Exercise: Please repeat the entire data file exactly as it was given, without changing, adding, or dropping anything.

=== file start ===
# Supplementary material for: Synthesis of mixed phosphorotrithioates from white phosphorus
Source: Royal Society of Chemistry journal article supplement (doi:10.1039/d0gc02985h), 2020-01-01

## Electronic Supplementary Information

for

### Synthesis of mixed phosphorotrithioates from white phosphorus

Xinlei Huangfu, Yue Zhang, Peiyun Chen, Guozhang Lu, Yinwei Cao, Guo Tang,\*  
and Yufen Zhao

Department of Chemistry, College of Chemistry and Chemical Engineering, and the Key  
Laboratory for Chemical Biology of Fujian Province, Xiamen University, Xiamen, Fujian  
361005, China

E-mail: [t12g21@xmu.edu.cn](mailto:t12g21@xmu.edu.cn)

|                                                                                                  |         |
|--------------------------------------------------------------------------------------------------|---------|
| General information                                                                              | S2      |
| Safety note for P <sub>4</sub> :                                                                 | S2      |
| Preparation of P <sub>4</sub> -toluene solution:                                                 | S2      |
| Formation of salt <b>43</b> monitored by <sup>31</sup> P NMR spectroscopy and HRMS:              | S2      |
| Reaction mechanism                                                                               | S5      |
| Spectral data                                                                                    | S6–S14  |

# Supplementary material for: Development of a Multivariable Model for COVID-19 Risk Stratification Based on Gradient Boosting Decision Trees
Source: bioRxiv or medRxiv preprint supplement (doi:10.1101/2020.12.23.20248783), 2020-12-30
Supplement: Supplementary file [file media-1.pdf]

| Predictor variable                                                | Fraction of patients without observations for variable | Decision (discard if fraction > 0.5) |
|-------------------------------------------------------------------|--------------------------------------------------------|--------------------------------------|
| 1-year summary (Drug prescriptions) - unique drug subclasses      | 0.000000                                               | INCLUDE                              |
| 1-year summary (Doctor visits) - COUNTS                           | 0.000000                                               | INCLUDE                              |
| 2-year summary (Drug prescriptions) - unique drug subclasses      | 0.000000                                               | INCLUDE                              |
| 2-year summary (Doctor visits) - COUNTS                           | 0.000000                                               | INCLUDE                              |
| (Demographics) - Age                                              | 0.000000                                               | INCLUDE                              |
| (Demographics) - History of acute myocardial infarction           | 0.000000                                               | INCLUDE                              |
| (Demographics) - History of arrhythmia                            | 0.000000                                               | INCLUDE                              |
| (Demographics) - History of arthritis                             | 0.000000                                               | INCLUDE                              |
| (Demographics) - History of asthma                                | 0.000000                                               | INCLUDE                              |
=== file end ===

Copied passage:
# Supplementary material for: Synthesis of mixed phosphorotrithioates from white phosphorus
Source: Royal Society of Chemistry journal article supplement (doi:10.1039/d0gc02985h), 2020-01-01

## Electronic Supplementary Information

for

### Synthesis of mixed phosphorotrithioates from white phosphorus

Xinlei Huangfu, Yue Zhang, Peiyun Chen, Guozhang Lu, Yinwei Cao, Guo Tang,\*  
and Yufen Zhao

Department of Chemistry, College of Chemistry and Chemical Engineering, and the Key  
Laboratory for Chemical Biology of Fujian Province, Xiamen University, Xiamen, Fujian  
361005, China

E-mail: [t12g21@xmu.edu.cn](mailto:t12g21@xmu.edu.cn)

|                                                                                                  |         |
|--------------------------------------------------------------------------------------------------|---------|
| General information                                                                              | S2      |
| Safety note for P <sub>4</sub> :                                                                 | S2      |
| Preparation of P <sub>4</sub> -toluene solution:                                                 | S2      |
| Formation of salt <b>43</b> monitored by <sup>31</sup> P NMR spectroscopy and HRMS:              | S2      |
| Reaction mechanism                                                                               | S5      |
| Spectral data                                                                                    | S6–S14  |

# Supplementary material for: Development of a Multivariable Model for COVID-19 Risk Stratification Based on Gradient Boosting Decision Trees
Source: bioRxiv or medRxiv preprint supplement (doi:10.1101/2020.12.23.20248783), 2020-12-30
Supplement: Supplementary file [file media-1.pdf]

| Predictor variable                                                | Fraction of patients without observations for variable | Decision (discard if fraction > 0.5) |
|-------------------------------------------------------------------|--------------------------------------------------------|--------------------------------------|
| 1-year summary (Drug prescriptions) - unique drug subclasses      | 0.000000                                               | INCLUDE                              |
| 1-year summary (Doctor visits) - COUNTS                           | 0.000000                                               | INCLUDE                              |
| 2-year summary (Drug prescriptions) - unique drug subclasses      | 0.000000                                               | INCLUDE                              |
| 2-year summary (Doctor visits) - COUNTS                           | 0.000000                                               | INCLUDE                              |
| (Demographics) - Age                                              | 0.000000                                               | INCLUDE                              |
| (Demographics) - History of acute myocardial infarction           | 0.000000                                               | INCLUDE                              |
| (Demographics) - History of arrhythmia                            | 0.000000                                               | INCLUDE                              |
| (Demographics) - History of arthritis                             | 0.000000                                               | INCLUDE                              |
| (Demographics) - History of asthma                                | 0.000000                                               | INCLUDE                              |